James R. Copland
On October 20, our friends at the Cato Institute published a study by Cato adjunct scholar Shirley Svorny claiming that existing empirical evidence suggests that "medical malpractice awards do track actual damages" and that noneconomic damage caps and other "policies that reduce liability or shield physicians from oversight by carriers may harm consumers." An economics professor at California State University, Northridge, Svorny has since publicized her findings in outlets such as the Huffington Post, in which she not only argued against the medical-malpractice reform provision of the Jobs Through Growth Act but also suggested that "[r]educing liability, as caps do, is rarely a good idea in any situation."
Needless to say, Svorny's position is at odds with that we've generally taken here at Point of Law (see back posts here), including our former editor, Svorny's Cato colleague Walter Olson (see, e.g., here, here, here, here). (See also this seminal contribution by MI visiting scholar Richard Epstein and this Manhattan Institute study by libertarian economist Alex Tabarrok.)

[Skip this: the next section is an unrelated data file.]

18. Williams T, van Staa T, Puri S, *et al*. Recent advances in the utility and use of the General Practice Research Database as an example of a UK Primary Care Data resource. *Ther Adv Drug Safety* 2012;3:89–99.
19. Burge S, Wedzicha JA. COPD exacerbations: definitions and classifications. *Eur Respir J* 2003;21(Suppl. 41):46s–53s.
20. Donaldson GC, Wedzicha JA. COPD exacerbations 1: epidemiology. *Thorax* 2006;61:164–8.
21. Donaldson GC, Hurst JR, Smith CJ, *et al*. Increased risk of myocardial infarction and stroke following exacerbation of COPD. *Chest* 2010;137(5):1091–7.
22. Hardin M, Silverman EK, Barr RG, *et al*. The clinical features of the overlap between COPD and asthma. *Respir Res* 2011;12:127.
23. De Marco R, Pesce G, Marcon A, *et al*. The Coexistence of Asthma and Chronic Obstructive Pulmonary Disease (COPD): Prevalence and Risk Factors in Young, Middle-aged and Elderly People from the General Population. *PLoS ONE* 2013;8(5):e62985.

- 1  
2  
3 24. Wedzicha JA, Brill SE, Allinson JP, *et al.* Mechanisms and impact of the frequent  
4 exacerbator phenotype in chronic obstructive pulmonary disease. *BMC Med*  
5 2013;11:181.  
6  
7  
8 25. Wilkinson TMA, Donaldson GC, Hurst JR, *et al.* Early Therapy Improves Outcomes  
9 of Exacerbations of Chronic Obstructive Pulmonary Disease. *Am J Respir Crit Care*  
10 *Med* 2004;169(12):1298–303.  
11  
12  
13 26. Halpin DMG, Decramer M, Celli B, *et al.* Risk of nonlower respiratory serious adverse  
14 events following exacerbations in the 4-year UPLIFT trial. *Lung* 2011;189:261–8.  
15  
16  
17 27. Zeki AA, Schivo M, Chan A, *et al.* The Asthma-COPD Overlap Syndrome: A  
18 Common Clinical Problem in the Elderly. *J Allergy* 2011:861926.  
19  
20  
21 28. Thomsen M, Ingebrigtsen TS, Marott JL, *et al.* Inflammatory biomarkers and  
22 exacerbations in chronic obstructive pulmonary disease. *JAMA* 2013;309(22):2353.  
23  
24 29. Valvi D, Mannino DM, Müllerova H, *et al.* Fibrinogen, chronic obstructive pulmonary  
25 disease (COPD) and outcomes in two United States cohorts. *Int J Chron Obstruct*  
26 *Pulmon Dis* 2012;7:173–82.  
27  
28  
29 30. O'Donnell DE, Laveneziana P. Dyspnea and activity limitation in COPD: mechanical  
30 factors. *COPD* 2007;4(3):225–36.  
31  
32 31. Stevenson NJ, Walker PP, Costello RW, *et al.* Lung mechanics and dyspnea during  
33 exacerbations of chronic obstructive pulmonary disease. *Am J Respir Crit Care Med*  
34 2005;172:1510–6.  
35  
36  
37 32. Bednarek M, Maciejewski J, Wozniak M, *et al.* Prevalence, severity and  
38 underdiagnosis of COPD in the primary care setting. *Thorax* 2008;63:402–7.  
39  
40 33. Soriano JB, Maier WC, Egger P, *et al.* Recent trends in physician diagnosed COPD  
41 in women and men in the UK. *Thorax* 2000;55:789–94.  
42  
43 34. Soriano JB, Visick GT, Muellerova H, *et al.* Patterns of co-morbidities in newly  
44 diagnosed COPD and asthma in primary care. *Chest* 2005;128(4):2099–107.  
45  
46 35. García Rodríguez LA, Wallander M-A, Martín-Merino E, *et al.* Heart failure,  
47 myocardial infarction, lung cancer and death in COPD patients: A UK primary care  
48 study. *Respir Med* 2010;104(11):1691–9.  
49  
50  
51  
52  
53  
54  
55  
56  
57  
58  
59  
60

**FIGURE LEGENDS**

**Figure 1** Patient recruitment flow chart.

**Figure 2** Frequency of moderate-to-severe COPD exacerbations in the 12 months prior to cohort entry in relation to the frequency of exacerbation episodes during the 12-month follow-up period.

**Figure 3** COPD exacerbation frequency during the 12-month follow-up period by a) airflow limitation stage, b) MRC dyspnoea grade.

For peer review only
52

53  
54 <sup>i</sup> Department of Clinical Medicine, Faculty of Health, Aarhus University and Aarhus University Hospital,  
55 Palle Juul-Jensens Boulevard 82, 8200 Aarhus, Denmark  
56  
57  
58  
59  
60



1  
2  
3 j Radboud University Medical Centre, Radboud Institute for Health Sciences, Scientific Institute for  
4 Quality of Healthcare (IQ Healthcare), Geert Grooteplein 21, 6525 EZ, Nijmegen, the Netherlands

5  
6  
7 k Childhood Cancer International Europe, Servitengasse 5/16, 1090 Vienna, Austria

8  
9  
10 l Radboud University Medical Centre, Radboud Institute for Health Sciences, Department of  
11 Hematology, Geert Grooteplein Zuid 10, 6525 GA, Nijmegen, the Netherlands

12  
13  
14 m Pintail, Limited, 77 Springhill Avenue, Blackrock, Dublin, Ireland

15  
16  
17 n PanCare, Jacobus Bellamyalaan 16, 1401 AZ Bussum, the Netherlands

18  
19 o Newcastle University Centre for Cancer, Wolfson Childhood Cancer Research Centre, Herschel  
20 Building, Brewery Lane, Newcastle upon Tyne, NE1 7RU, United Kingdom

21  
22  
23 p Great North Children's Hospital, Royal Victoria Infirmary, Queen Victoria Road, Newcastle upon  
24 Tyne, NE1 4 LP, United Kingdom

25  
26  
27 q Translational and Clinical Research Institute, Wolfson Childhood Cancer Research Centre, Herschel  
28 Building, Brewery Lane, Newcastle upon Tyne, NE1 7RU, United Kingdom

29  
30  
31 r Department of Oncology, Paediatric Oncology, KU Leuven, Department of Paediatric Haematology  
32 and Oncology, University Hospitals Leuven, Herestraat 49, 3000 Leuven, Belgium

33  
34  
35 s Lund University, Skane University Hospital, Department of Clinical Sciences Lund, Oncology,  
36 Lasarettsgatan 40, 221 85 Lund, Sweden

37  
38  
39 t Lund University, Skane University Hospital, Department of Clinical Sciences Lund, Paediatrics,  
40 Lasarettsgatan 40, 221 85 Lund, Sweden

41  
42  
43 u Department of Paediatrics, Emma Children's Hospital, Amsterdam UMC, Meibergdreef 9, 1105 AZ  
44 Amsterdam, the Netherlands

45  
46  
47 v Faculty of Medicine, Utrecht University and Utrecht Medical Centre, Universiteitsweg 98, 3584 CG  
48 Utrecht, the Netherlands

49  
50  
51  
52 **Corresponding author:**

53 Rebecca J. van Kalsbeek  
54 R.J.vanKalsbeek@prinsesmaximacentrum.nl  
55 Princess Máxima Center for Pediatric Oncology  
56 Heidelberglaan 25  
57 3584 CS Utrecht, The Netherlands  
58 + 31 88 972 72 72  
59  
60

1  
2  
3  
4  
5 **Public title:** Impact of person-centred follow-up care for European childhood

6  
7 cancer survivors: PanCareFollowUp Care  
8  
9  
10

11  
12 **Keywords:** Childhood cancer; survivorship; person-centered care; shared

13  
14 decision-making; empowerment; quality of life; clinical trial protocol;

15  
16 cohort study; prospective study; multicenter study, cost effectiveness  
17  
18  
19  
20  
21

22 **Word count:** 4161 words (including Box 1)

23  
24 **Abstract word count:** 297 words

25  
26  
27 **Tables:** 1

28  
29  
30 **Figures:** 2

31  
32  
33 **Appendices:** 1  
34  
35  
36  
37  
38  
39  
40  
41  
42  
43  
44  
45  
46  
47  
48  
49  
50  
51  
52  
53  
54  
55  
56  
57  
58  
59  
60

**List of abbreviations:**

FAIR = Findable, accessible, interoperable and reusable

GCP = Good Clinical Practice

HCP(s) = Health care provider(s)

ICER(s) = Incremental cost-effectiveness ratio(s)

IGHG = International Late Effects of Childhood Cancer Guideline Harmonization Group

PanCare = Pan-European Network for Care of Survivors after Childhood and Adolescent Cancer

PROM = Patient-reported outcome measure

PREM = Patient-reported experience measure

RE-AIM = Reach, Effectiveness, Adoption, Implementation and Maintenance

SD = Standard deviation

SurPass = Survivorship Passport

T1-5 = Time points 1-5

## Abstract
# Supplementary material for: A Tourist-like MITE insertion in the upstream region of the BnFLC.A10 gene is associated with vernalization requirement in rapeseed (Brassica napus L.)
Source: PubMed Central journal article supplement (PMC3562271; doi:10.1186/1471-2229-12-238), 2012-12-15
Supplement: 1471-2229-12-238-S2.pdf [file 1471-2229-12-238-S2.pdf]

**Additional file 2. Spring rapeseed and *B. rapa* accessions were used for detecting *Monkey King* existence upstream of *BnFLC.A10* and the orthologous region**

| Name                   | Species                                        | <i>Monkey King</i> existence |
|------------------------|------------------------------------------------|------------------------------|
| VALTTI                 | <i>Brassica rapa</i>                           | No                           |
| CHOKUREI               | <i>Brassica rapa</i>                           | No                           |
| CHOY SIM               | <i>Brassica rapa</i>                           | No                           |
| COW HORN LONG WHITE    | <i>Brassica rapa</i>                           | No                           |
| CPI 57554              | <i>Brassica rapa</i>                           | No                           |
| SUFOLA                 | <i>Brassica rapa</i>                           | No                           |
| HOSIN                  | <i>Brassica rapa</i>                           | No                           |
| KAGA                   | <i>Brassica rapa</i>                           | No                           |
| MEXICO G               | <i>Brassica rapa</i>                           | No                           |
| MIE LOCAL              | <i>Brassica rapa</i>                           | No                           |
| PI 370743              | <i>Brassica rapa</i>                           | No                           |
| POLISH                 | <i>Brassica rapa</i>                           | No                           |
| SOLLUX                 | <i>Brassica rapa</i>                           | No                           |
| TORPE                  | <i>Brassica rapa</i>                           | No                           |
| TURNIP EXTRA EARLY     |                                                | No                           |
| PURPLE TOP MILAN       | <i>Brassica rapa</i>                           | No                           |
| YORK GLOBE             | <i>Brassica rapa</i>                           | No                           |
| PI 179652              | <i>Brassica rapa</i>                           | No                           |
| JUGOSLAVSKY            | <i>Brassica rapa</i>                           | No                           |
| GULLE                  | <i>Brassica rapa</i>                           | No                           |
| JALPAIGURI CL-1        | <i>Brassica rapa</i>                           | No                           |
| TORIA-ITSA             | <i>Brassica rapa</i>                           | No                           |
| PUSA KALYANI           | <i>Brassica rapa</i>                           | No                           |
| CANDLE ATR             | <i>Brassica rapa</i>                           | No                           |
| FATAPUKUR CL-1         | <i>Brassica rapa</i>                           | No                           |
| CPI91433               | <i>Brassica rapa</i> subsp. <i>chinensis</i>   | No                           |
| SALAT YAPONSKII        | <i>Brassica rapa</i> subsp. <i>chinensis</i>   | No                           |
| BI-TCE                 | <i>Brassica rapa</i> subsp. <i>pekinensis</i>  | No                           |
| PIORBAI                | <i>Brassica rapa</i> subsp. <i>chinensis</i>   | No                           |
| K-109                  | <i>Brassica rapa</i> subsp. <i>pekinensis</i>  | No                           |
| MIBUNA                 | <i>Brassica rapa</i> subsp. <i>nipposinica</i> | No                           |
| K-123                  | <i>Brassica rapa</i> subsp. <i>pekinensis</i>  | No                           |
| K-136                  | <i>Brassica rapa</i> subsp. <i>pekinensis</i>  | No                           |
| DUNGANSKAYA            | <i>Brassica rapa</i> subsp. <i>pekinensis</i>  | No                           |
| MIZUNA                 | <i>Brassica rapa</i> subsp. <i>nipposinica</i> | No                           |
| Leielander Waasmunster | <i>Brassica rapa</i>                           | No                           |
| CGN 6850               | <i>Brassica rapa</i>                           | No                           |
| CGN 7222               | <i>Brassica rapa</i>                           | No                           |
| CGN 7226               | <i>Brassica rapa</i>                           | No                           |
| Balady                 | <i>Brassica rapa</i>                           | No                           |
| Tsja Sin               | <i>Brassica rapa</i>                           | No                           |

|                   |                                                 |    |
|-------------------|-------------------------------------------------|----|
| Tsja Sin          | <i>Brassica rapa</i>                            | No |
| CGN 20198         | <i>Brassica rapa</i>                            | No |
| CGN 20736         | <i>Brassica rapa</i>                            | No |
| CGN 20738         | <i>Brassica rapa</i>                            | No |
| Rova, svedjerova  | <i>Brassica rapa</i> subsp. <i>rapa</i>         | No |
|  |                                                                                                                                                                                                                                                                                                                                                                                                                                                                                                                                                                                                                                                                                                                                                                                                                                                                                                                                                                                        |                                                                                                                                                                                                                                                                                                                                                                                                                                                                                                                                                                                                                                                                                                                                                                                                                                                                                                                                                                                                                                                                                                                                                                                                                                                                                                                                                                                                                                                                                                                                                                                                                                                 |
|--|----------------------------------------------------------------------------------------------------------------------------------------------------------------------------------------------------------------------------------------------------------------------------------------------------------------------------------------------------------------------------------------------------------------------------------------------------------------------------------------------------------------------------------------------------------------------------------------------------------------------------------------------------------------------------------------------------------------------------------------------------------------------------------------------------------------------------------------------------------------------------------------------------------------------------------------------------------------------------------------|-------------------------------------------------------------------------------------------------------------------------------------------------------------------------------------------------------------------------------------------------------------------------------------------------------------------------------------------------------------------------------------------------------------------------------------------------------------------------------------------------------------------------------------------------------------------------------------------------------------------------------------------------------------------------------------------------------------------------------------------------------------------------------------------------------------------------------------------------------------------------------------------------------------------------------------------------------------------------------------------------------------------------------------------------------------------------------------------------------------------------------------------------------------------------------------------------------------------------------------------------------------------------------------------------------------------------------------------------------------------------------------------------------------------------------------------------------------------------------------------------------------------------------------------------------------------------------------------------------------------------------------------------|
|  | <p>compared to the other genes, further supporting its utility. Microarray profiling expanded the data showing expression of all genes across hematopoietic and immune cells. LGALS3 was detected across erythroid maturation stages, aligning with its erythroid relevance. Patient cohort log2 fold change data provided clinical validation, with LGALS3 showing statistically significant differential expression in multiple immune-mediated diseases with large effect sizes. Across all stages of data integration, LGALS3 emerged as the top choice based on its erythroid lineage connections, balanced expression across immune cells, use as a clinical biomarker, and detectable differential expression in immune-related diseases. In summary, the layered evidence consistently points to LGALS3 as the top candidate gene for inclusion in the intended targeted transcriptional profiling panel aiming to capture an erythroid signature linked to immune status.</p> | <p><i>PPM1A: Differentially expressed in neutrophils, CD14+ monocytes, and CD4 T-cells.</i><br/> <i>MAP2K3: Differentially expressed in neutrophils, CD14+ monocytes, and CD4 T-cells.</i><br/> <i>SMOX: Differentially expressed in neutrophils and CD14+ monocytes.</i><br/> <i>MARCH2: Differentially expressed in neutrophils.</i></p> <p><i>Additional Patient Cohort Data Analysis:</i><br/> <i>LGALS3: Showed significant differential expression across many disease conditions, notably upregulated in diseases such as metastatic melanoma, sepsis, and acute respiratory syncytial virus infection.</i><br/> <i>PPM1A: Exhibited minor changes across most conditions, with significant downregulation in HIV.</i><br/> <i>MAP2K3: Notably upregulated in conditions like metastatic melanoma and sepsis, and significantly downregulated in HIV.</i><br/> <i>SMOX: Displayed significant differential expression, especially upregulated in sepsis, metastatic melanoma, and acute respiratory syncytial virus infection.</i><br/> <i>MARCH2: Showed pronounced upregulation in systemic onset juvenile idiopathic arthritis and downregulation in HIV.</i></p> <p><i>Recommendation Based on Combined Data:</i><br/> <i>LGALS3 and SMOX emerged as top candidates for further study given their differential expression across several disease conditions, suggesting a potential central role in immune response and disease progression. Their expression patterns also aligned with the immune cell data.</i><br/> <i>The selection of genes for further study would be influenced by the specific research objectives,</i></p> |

This week, Professor Svorny has graciously agreed to come to Point of Law to discuss her paper with MI adjunct fellow and PoL editor Ted Frank. The featured discussion will be available below; please check back throughout the week as the discussion continues.